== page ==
Visualizing information nets in three dimensions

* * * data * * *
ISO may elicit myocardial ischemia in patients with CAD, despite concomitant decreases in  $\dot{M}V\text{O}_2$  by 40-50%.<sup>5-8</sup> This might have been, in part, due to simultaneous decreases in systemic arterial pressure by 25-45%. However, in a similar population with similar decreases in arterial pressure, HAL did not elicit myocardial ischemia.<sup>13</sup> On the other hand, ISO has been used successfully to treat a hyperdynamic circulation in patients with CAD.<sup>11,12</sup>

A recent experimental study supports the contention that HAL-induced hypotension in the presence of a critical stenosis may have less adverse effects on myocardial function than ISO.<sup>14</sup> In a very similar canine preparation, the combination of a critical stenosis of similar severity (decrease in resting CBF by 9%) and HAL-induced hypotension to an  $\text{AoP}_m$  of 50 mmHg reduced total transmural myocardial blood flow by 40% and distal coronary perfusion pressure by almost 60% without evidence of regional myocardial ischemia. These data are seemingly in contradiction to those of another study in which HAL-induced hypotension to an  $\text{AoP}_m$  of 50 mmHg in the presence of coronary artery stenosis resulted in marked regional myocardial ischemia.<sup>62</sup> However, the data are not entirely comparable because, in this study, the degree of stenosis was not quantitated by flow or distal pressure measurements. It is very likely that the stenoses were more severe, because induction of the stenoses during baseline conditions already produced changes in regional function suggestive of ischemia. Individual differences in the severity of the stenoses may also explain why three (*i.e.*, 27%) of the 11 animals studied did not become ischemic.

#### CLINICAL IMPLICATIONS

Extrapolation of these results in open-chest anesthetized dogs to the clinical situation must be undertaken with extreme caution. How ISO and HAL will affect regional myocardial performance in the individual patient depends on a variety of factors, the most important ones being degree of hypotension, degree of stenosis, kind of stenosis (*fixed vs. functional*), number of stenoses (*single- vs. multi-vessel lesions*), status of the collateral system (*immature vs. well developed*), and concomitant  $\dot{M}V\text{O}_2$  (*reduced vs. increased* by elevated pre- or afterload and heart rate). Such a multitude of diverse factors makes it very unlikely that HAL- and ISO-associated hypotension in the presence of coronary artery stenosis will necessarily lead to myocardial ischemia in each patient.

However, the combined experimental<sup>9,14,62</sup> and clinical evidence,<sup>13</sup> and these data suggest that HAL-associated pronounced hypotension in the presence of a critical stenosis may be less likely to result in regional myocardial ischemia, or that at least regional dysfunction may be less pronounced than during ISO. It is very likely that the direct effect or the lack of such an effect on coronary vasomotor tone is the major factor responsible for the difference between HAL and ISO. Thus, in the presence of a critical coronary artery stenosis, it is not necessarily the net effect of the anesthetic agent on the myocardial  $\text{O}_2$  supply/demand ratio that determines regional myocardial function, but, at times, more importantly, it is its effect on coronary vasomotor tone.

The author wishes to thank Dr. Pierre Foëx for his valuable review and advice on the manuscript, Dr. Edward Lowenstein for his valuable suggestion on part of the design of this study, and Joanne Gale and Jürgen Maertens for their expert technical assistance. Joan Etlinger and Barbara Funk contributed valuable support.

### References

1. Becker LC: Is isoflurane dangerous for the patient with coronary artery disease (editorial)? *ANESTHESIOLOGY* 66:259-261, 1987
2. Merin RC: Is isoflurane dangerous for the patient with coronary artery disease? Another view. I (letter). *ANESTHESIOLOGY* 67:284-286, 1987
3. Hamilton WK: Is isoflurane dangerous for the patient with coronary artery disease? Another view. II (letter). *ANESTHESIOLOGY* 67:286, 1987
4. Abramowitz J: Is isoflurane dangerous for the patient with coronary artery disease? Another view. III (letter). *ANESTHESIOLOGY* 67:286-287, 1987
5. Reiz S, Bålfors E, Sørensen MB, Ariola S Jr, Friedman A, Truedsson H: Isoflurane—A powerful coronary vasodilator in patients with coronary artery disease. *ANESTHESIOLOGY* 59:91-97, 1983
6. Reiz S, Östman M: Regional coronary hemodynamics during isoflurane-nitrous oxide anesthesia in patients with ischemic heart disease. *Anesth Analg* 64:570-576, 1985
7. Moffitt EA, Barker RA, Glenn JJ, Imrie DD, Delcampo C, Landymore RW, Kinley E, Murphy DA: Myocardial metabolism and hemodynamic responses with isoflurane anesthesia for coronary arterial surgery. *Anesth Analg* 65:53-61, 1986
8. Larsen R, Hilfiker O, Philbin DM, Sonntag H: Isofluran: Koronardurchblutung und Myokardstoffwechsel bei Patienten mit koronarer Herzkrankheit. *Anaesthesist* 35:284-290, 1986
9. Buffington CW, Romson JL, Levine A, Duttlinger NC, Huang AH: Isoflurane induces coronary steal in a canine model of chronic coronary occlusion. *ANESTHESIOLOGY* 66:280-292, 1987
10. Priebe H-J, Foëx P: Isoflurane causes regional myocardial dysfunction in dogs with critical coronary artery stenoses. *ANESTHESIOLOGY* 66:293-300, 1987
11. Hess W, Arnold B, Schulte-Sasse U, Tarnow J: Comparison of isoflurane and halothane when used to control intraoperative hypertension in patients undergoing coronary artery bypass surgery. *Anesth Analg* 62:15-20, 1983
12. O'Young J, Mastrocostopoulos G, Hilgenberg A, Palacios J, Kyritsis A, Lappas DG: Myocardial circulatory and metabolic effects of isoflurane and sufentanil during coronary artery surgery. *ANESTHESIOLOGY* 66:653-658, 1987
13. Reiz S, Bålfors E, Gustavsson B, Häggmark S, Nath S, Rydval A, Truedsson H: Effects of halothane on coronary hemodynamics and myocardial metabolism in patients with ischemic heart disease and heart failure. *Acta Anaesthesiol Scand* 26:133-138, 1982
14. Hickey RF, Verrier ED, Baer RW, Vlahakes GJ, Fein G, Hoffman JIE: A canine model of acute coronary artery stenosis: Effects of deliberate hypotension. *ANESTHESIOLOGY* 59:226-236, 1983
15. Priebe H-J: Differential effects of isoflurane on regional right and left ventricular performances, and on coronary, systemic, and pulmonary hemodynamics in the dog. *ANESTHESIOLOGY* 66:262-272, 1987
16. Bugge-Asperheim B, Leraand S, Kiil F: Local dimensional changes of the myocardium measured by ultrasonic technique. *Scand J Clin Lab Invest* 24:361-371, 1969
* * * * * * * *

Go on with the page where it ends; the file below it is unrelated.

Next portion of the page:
At present it is not clear if it is worth presenting abstract data in 3D, although there is a small body of evidence to support the idea. This paper reviews the evidence and reports on two new experiments that provide some compelling data showing that head coupled perspective transformations combined with stereo viewing can dramatically increase the size of the information structures that can be perceived. The first experiment was designed to provide the first quantitative measurements of how much more (or less) can be understood in 3D than in 2D. The 3D display used was configured so that the image on the monitor was coupled to the user's actual eye positions (and it was updated in real-time as the user moved) as well as being in stereo. Thus the effect was like a local "virtual reality" display located in the vicinity of the computer monitor. The results from this study show that true 3D viewing can increase the size of the graph that can be understood by a factor of three; using stereo or head coupling alone produce lesser advantages. The second experiment looked at a variety of viewing methods, both 2D and 3D, with and without stereo, and with and without motion. The results show that structured 3D motion and stereo viewing both help in understanding, but that the kind of motion is not particularly important; hand guided motion, head coupling (as in virtual reality displays) and automatic rotation all improve performance. These results provide strong reasons for using advanced 3D graphics for interacting with a large variety of information structures.